Video game usage affects the same part of the brain as drugs and alcohol, so it’s no wonder that so many people become addicted to playing video games for hours on end. The same patterns that lead to a substance addiction are the same ones that lead someone to a gaming addiction.
As is also true of drugs and alcohol, the age of first use of video games plays a big part in how the patterns develop and potentially progress into an addiction. The pleasure center of the brain responds to video games as if they are a drug, so the chance of kids and young adults developing an addiction to them is high. Many stories come out that kids, who are otherwise well-behaved, begin acting out or becoming violent when they are not allowed to play their video game, or games, of choice any longer.
Does this sound like a drug addict? Similar reaction as a heroin addict who cannot seem to find his next fix? Or even like a young child when his favorite toy gets taken away? This reaction in someone playing video games is just like an addict or alcoholic going through withdrawal from his or her drug, or drugs, of choice.
One new study has yielded results that show that playing video games can be as addictive as drugs. Games like Call of Duty are never finished, unlike arcade games and others that have a win or loss feature to them. The open-opened nature of the games can create an insatiable desire to continue playing. When the game never ends, anyone playing can find that hours have gone by in what felt like a matter of minutes.
The frequency of use, the amount of use, and the denial of the problem caused by use of video games are ways to detect an addiction. Identifying the symptoms of a problem early offers the best chance at treatment. Although video games do not cause the same internal physical damage that drugs and alcohol create, the consequences and repercussions can be just as harmful to someone’s life as injecting substances of any kind.
Generally, an addiction to anything is an indicator of deeper lying mental issues. Depression, anxiety, a learning disorder, and the inability to connect with others to form healthy interpersonal relationship can all be masked by video game addiction, drug and alcohol addiction, gambling, shopping, an eating disorder, a sex or love addiction, or an Internet addiction. Playing video games alone can be a way to escape from difficult social situations, or to avoid homework because it is too difficult to concentrate long enough to complete.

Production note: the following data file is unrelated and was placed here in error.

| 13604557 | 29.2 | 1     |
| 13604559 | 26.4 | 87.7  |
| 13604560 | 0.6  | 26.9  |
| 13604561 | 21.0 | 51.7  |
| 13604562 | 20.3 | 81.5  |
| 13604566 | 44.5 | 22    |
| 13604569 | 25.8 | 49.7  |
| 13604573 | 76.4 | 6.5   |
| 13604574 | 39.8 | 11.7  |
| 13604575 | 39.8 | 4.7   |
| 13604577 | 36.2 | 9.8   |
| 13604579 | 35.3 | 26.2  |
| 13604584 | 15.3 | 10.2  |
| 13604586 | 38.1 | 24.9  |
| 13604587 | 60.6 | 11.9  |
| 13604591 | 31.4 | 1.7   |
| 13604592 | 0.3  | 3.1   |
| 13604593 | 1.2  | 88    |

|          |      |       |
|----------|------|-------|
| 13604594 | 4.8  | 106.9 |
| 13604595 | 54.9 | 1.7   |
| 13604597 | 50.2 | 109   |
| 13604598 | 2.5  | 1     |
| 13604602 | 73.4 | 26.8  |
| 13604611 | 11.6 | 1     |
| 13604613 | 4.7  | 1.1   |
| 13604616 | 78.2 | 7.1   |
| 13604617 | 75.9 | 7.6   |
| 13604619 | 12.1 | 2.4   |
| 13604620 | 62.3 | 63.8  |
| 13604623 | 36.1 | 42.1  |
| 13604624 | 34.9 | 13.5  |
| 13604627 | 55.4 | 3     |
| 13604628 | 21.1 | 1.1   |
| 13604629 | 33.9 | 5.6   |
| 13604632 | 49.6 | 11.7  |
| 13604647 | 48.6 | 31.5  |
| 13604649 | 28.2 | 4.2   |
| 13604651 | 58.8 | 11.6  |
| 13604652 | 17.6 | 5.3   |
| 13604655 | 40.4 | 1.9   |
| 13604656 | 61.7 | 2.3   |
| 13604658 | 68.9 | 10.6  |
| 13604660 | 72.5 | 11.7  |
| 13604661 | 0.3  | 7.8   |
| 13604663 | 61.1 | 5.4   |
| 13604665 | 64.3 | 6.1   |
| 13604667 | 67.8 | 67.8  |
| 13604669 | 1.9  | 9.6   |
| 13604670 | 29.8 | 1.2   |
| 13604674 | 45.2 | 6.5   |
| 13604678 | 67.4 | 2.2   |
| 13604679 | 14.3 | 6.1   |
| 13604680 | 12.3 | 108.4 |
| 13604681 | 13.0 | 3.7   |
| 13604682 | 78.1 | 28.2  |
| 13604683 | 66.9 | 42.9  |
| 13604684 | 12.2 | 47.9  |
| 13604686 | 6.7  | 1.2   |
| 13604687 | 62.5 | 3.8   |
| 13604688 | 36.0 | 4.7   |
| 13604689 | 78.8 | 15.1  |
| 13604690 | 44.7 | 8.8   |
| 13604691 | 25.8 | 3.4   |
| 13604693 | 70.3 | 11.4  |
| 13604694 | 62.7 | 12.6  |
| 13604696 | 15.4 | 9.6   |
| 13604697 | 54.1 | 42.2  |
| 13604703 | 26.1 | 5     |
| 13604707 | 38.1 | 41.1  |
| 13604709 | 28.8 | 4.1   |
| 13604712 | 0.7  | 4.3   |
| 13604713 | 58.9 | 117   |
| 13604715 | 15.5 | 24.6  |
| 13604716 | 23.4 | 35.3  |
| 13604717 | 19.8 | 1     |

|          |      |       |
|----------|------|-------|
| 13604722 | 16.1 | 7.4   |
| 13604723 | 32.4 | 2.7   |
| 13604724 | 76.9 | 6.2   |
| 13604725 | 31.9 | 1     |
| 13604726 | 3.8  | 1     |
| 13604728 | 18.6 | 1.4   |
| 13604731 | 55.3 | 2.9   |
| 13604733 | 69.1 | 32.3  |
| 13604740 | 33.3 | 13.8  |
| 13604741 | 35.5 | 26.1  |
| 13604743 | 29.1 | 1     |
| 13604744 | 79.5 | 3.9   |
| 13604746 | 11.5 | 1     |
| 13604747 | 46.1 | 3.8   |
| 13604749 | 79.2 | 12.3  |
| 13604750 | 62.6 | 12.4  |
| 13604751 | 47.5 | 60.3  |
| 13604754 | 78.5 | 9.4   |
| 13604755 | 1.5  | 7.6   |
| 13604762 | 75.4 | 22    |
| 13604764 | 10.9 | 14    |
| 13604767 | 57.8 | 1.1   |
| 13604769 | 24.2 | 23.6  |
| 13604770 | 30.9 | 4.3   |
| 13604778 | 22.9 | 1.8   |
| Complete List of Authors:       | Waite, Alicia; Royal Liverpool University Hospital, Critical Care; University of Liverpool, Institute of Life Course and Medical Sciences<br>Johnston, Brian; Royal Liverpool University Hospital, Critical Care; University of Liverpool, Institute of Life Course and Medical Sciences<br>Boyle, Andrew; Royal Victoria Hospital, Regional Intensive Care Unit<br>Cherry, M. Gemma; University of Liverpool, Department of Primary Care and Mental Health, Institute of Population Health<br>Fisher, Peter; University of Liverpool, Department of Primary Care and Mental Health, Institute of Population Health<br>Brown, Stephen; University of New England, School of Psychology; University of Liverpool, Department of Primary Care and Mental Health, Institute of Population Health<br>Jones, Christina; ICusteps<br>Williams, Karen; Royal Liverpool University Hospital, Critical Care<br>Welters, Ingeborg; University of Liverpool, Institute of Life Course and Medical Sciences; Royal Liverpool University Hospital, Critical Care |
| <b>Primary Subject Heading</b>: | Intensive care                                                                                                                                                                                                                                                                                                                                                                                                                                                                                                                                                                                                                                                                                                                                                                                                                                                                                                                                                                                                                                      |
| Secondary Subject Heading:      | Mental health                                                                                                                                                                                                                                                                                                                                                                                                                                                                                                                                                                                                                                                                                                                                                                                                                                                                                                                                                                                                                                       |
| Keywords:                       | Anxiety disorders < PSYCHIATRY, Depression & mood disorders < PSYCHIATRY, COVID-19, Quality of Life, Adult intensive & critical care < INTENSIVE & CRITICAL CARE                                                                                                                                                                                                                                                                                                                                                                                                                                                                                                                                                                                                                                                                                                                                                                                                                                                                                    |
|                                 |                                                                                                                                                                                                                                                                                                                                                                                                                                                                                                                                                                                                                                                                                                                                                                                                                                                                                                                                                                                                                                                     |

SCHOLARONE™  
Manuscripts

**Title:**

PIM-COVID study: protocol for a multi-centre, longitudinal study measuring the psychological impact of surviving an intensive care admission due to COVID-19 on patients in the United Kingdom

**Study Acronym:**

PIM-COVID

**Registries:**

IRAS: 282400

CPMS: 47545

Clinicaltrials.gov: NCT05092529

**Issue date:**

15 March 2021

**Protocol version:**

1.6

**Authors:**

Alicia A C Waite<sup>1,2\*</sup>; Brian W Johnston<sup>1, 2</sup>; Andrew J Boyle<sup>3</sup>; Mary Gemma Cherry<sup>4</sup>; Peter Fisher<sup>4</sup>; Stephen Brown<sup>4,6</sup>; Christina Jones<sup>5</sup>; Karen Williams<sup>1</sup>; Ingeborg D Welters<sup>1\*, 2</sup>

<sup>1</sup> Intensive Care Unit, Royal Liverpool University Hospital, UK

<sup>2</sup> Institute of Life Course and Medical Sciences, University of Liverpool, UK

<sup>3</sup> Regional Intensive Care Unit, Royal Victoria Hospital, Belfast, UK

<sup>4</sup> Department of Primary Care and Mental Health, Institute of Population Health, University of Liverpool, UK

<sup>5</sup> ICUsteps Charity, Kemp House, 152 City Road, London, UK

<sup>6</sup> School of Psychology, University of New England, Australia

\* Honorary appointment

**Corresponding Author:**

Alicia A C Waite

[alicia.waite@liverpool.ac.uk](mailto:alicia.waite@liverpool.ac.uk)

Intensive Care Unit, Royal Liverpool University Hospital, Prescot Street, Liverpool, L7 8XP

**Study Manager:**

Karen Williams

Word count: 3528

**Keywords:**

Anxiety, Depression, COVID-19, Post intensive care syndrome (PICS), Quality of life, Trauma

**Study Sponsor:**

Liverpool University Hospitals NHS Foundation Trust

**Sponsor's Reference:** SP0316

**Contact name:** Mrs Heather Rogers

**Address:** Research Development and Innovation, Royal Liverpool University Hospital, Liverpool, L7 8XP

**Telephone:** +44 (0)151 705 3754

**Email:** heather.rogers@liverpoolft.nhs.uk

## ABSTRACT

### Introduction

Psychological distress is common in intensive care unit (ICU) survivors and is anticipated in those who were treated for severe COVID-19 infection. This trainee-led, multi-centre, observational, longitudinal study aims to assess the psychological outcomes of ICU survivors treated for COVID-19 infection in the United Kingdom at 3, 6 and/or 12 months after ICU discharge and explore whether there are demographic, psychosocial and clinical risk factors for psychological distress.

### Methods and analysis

As a behavioral addiction, further research is needed to fully understand the cause, effect, and best treatment of video game addiction.
Programs to treat video game addiction focus on the underlying issues that lead to the desire to escape from, cover up, or avoid in the first place. While in treatment, an individualized treatment plan allows each client to identify any mental illness, learning disability, or another addiction that is at play.
Not all video game addicts have a diagnosable mental illness disorder, but most have an underlying psychological issue that needs to be explored.
During treatment, a video game addict learns tools for handling difficult situations that used to lead right to video game use. Triggering events can be better handled at home, at work, or at school while the person is attending treatment services. Psychological cravings will continue to occur, probably forever, and a good rehab program will help each client develop a plan for when they do. Coping skills for frustrating or emotionally complex situations gives a prior addict a chance at a life without a video game addiction.
As situations present themselves, and the person faces them head on, the newly learned tools and skills can be tried, and whether immediately successful or not, the client can discuss with his or her individual counselor, plus the fellow rehab clients and members of the sober community. Real-time processing can keep a young addict from returning to the problematic behaviors.
An intensive outpatient treatment program, like the one offered at The Control Center, gives an addict the opportunity to practice new skills while still involved in his or her everyday life. Contact the treatment team today at 877.813.2974 today to find out more!
photo credit: Rakka